It is up to the lawyer to prove that the crime is not voyeurism or that there are legitimate challenges to the evidence or charges. The defendant’s legal defence lawyer will need evidence to support the defence strategy and a strong counterargument to the prosecution’s claim in court.

New legislation on Voyeurism crime received Royal Assent on February 12 and goes into effect on April 12, 2019. In England and Wales, the new offences will take effect immediately, and they will not be retroactively applied. The maximum sentence for these crimes is two years in prison.

Some cases of upskirting may go unpunished because this law does not apply in every situation. Lawmakers have made it easier for the courts to identify and prosecute the most serious sexual offenders by creating a specific upskirting offence.

Studies on the prevalence of these crimes show that women suffer at a higher rate than men, but the CPS acknowledges the suffering of male victims and the emotional toll it takes on them. At the CPS, we are committed to ensuring that policies are applied equally to men and women.

Paragraph two of Section 67A: Voyeurism

This section punishes those who, without the consent of the subject or a reasonable belief that they have consented, take a photograph or video of the subject’s private parts, including their genitalia and buttocks (with or without underwear), when the subject’s private parts would not otherwise be visible. This offence is preferable in cases where images have been recovered because it avoids ambiguity as to what the offenders intended to observe when they committed this behaviour.

As a result of the new offences, victims will be entitled to “automatic anonymity” or reporting restrictions. Automated reporting restrictions shield victims of sexual assault from public identification for the rest of their lives, preventing the publication of personal information like names, addresses, or photographs.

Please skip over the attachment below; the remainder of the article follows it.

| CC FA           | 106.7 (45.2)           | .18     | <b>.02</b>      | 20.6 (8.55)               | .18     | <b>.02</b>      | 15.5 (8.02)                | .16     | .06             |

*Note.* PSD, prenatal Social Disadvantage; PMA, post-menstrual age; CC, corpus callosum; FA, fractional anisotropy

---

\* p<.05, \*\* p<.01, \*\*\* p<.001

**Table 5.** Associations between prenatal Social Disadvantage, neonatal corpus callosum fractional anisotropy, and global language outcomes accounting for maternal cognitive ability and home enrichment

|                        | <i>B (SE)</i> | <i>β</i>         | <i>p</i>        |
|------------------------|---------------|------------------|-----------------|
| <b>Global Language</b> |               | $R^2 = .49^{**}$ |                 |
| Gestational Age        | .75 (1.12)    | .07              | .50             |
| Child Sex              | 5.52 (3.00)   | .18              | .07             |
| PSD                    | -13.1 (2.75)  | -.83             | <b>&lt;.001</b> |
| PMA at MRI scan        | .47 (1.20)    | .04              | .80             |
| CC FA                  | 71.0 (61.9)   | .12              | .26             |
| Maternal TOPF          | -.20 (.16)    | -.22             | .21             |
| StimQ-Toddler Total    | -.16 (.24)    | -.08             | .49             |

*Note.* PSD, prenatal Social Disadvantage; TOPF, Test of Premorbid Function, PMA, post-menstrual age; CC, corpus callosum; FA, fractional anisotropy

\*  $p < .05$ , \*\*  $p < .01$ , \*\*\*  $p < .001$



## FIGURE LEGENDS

What about those who try to commit these new offences in the first place?

Inappropriate circumstances, the Criminal Attempts Act of 1981 would apply to the new offences. A person can still be charged with an upskirting offence even if they do something more than just preparatory to committing one of the crimes involved. Criminal Attempts Act, 1981, Section 1

Public Concern

Consider all the circumstances surrounding the offence when deciding whether or not to bring charges under this legislation. An important question in determining whether this was an isolated incident or a practical “joke” for this particular offence is whether it is a pattern of conduct toward this and other victims or if it is sexually motivated.

Following are additional factors to consider when determining whether or not the public interest justifies a prosecution:

how likely it is that the offence will be committed again;

  •         the level of planning that went into the crime;
  •         when and if the victim was specifically targeted
  •         whether or not sexual gratification was a motive for the crime, and whether or not it was reported


Upskirting is a colloquial term that describes the practice of taking a voyeuristic photograph of someone by placing a camera or mobile phone beneath their clothing. It doesn’t just apply to women in skirts or dresses; men in kilts, cassocks, shorts, or trousers are also at risk. It can be difficult to catch violators in crowded public places, such as on public transportation or at music festivals, because of the difficulty in spotting them.


Do people who watch other people get punished?

Voyeurism crime is punishable by imprisonment for one year, which can be extended to three years, and a fine for a first conviction is cognizable and bailable. Any magistrate can try the offence under Schedule 1 of the Code of Criminal Procedure.

Voyeurism crime is punishable by law in Canada.

A person convicted of Voyeurism crime can be sentenced to up to six months in jail and fined up to $2,000 under Section 787 of the Criminal Code.